Everyone has the occasional “senior moment.” Maybe you’ve gone into the kitchen and can’t remember why, or can’t recall a familiar name during a conversation. Memory lapses can occur at any age, but aging alone is generally not a cause of cognitive decline. When significant memory loss occurs among older people, it is generally not due to aging but to organic disorders, brain injury, or neurological illness.
Studies have shown that you can help prevent cognitive decline and reduce the risk of dementia with some basic good health habits:
- staying physically active
- getting enough sleep
- not smoking
- having good social connections
- limiting alcohol to one drink a day
- eating a balanced diet low in saturated and trans fats.
Certain health conditions that can impair cognitive skills include diabetes, high blood pressure, sleep apnea, depression, and hypothyroidism. If you have any of these health issues, you can help protect your memory by following your doctor’s advice carefully.
Memory changes can be frustrating, but the good news is that, thanks to decades of research, you can learn how to get your mind active.
Ensure Your Hearing Is In Top Shape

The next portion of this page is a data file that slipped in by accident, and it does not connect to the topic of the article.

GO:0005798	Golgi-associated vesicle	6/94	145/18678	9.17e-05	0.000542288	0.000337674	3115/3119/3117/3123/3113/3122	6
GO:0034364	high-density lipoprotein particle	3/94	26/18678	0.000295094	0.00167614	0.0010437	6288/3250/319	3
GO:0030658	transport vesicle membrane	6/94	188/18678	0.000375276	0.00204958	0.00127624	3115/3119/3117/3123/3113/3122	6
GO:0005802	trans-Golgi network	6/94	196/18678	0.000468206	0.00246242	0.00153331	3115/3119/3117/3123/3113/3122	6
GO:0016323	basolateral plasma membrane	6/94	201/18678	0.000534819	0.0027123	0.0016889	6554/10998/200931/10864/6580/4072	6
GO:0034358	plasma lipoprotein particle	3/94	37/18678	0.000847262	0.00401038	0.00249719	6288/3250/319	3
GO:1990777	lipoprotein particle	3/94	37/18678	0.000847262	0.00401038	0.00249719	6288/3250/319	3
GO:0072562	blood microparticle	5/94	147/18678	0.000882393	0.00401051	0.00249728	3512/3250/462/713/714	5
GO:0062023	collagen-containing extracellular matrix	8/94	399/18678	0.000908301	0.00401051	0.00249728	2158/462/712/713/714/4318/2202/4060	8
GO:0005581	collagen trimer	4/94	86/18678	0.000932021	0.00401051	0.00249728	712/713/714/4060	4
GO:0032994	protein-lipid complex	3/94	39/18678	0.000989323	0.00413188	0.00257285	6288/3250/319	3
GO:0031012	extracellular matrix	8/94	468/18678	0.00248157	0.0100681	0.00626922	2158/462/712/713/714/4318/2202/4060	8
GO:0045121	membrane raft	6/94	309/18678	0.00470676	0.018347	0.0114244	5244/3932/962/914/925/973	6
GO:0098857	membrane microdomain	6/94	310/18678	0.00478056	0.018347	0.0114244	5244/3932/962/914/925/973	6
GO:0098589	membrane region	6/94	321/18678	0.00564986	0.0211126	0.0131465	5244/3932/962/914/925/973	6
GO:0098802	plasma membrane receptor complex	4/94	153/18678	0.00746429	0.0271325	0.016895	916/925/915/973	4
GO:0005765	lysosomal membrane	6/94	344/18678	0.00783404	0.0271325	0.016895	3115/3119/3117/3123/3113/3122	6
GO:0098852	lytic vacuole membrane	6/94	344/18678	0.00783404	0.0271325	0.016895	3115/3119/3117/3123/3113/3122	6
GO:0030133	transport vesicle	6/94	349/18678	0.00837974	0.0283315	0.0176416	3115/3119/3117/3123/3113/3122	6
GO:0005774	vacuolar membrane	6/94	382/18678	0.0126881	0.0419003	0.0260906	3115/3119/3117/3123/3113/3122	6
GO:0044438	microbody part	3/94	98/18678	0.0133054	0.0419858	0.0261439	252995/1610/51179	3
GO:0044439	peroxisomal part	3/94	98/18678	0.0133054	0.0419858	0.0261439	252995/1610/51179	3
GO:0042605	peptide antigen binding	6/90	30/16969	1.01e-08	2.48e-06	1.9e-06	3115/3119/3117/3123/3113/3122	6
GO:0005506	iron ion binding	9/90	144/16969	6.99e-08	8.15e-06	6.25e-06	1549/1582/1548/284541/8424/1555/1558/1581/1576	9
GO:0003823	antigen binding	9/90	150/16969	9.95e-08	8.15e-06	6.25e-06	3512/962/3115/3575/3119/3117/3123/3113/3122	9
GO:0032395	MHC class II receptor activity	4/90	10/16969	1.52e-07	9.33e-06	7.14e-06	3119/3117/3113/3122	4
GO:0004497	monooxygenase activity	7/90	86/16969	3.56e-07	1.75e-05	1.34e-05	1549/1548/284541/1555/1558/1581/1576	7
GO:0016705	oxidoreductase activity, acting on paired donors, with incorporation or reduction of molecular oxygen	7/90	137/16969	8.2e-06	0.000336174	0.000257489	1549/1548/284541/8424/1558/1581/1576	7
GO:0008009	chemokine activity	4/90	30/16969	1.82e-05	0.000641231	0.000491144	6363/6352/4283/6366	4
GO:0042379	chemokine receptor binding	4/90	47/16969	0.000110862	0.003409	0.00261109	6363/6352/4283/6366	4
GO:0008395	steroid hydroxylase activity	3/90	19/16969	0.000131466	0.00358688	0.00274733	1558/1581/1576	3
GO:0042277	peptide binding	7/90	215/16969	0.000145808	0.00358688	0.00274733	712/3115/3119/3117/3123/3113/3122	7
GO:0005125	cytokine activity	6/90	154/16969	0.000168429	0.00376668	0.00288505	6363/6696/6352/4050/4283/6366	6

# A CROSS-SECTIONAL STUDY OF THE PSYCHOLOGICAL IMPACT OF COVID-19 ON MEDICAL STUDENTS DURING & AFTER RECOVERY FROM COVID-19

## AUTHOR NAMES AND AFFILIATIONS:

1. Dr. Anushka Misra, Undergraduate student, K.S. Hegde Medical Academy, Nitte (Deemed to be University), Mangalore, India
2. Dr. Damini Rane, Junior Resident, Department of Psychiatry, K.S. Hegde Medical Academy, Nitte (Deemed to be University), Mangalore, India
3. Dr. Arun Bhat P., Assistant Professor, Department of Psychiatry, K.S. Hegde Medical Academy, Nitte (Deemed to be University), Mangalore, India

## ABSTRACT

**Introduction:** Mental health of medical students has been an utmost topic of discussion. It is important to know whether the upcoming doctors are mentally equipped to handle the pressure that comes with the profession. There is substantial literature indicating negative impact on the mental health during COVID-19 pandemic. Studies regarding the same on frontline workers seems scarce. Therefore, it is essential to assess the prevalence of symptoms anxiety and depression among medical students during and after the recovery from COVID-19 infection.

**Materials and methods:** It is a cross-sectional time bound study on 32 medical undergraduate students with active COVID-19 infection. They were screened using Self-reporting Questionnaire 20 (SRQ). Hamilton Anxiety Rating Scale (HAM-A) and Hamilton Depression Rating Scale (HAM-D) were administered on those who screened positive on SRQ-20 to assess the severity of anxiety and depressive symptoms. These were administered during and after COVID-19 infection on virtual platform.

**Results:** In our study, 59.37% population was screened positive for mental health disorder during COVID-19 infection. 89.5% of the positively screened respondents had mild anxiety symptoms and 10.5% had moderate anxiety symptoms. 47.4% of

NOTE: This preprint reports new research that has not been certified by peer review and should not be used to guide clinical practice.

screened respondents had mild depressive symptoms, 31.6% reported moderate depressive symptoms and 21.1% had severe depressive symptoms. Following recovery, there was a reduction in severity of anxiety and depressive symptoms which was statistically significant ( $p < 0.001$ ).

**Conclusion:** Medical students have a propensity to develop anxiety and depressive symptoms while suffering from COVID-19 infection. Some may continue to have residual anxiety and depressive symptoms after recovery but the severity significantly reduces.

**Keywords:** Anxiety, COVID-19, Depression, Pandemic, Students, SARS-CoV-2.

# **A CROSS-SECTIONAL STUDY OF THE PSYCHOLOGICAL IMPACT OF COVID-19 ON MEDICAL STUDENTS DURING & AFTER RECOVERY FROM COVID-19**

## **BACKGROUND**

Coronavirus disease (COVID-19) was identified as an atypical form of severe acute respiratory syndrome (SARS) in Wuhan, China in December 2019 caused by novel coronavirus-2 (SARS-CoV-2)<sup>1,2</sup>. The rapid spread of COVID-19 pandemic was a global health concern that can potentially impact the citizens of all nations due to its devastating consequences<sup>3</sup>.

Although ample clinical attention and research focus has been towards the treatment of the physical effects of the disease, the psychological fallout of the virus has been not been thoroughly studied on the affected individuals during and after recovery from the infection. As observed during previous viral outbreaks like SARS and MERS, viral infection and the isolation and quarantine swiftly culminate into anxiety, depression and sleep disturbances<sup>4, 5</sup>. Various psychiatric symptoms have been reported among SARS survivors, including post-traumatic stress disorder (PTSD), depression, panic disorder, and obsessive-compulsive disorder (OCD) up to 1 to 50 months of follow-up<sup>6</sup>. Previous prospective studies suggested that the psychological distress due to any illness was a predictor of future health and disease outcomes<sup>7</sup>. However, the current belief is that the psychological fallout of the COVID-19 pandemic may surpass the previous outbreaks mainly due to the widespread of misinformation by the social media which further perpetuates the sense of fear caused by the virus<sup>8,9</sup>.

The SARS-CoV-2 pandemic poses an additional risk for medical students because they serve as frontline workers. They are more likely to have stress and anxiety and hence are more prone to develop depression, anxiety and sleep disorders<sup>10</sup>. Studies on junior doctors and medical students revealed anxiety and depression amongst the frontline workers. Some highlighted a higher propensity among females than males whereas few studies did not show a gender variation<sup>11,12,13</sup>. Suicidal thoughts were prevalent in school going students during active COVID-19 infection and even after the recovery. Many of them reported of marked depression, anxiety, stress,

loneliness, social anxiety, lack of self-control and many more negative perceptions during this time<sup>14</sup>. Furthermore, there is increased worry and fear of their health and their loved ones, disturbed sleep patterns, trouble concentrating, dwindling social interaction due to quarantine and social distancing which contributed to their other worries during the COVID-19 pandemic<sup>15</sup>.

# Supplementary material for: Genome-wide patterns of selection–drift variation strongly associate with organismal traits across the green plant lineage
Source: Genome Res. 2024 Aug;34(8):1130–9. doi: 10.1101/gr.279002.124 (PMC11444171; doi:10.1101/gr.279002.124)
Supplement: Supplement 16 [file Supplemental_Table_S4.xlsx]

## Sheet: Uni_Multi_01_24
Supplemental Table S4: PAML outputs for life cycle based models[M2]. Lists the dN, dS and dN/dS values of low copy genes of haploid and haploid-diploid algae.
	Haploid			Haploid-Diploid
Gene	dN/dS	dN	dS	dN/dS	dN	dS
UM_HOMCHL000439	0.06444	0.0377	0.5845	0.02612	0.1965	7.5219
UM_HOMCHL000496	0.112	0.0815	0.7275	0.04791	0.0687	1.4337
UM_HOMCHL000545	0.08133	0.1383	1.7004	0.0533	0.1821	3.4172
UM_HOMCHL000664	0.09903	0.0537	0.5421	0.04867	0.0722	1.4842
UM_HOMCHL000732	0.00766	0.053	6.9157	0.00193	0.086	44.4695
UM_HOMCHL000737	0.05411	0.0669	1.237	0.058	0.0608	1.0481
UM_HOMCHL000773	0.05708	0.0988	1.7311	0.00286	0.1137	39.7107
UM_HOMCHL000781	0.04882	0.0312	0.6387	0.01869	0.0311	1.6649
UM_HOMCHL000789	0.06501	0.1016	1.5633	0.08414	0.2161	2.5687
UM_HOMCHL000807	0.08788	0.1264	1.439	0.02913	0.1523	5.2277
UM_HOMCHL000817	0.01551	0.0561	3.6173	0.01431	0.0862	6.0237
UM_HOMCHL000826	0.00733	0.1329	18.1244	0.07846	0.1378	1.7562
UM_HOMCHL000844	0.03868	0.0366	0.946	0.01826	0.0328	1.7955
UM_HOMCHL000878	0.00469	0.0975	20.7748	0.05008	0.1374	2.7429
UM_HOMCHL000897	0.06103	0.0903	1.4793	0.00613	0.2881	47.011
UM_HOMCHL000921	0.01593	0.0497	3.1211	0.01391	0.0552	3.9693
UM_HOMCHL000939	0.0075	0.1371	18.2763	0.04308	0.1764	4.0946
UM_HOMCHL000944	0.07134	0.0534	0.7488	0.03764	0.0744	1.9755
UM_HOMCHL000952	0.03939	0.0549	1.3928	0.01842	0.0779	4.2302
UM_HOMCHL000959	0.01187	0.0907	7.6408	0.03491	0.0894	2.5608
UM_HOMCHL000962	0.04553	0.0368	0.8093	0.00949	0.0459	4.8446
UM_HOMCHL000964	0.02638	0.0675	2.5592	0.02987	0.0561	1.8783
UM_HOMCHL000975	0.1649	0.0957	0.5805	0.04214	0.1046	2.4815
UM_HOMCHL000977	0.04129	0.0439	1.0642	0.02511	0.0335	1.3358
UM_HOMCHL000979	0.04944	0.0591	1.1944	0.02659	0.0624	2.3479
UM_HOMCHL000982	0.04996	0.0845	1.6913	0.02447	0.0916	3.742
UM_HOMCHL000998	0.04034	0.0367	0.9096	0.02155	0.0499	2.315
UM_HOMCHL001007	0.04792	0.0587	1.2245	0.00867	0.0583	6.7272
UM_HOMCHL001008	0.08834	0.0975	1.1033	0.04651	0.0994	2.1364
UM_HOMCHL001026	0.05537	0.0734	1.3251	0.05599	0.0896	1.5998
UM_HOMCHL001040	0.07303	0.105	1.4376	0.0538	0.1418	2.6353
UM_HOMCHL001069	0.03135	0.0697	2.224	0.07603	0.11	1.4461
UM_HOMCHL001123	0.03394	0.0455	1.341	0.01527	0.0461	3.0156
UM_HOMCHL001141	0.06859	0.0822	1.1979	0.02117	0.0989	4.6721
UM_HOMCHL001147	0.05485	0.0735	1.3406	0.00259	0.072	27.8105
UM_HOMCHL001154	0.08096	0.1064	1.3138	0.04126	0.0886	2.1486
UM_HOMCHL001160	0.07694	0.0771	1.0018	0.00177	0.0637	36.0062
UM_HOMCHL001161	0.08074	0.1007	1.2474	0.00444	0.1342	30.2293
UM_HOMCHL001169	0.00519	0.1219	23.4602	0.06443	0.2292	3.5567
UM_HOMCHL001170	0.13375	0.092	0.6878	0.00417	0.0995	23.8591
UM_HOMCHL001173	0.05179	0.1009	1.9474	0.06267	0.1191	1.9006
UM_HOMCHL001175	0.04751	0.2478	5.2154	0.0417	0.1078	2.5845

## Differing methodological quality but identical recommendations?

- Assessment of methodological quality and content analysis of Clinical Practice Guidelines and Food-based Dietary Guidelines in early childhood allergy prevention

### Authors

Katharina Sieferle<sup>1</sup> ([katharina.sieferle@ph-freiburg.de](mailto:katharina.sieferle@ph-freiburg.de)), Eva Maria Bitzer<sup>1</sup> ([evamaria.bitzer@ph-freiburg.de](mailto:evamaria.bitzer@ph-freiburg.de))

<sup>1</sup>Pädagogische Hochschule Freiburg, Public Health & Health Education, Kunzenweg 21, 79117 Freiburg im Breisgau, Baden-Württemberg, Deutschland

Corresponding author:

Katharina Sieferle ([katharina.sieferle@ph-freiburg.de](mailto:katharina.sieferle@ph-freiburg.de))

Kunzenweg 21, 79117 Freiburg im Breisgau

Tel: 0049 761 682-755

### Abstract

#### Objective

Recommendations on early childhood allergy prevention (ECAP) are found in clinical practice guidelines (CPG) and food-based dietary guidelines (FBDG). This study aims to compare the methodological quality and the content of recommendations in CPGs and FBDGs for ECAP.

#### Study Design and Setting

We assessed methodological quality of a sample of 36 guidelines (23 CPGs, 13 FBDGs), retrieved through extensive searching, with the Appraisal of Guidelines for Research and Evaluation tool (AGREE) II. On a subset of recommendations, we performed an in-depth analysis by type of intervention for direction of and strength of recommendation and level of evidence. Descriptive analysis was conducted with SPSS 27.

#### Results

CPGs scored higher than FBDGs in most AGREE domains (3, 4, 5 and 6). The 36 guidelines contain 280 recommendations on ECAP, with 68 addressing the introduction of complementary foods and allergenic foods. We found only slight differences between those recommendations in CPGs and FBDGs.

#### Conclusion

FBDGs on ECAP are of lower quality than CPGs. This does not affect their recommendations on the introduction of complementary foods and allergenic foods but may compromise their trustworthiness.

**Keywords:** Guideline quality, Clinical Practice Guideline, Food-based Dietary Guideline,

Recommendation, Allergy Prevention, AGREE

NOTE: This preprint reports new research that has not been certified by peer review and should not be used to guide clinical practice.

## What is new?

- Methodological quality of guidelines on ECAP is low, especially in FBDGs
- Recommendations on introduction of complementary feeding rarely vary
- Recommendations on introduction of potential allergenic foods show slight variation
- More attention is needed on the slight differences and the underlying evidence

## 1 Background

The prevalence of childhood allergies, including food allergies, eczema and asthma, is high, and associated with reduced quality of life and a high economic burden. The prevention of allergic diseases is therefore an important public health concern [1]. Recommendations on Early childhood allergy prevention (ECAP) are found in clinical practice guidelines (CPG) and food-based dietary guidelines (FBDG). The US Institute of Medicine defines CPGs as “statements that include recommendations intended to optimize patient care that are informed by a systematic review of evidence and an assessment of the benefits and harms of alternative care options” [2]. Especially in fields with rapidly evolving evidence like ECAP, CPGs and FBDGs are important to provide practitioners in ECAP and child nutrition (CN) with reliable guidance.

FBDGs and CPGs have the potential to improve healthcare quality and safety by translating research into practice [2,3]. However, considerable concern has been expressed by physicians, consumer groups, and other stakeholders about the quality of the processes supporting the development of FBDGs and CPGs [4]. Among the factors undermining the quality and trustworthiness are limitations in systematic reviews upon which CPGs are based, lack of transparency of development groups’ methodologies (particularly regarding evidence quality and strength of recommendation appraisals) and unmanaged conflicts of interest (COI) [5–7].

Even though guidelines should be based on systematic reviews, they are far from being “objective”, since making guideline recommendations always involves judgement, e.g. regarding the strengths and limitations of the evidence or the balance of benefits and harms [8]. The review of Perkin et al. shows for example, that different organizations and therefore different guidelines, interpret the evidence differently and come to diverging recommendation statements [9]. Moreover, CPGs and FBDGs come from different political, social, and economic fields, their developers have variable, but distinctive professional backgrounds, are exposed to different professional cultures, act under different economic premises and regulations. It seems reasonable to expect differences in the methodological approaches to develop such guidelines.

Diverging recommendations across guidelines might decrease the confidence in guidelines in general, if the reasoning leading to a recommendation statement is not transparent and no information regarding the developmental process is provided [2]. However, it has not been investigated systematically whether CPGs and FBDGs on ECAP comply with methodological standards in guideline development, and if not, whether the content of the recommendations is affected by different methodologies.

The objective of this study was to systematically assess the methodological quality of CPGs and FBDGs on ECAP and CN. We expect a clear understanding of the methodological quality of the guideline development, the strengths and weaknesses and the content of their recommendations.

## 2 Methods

Many adults suffer from some degree of hearing loss. While the actual cause behind the hearing loss may vary, once a person has experienced hearing loss, their cognitive abilities are in danger.
As one long-term study recognized, hearing loss can significantly speed up cognitive decline in older adults. Even those adults with relatively mild hearing loss experienced accelerated memory loss and disorganization.
An easy way to avoid losing your cognitive ability to hearing loss is to ensure you have your hearing checked on a yearly basis. If hearing loss is detected, be sure to implement your audiologist’s recommendations, such as using hearing aids for hearing rehabilitation.
Follow A Regular Exercise Routine
Not only can exercise improve your balance as you age but regular workouts can also improve your memory. Some of the ways exercise can affect your memory are:
- Reduces insulin resistance, allowing your body to process glucose (sugar) more effectively. Insulin resistance has been linked to an increased risk of dementia.
- Stimulates chemicals which encourage growth and revitalization. The renewal of cells in older adults is much slower, which can cause memory to falter.
- Improves ability to sleep and reduces stress. Stress and lack of sleep have also been strongly linked to cognitive decline.
Health professionals recommend 150 minutes a week of moderate aerobic exercise (about 20 minutes a day). If you are up to it, increase your exercise time during the day to see more health improvements.
Make Time For Socialization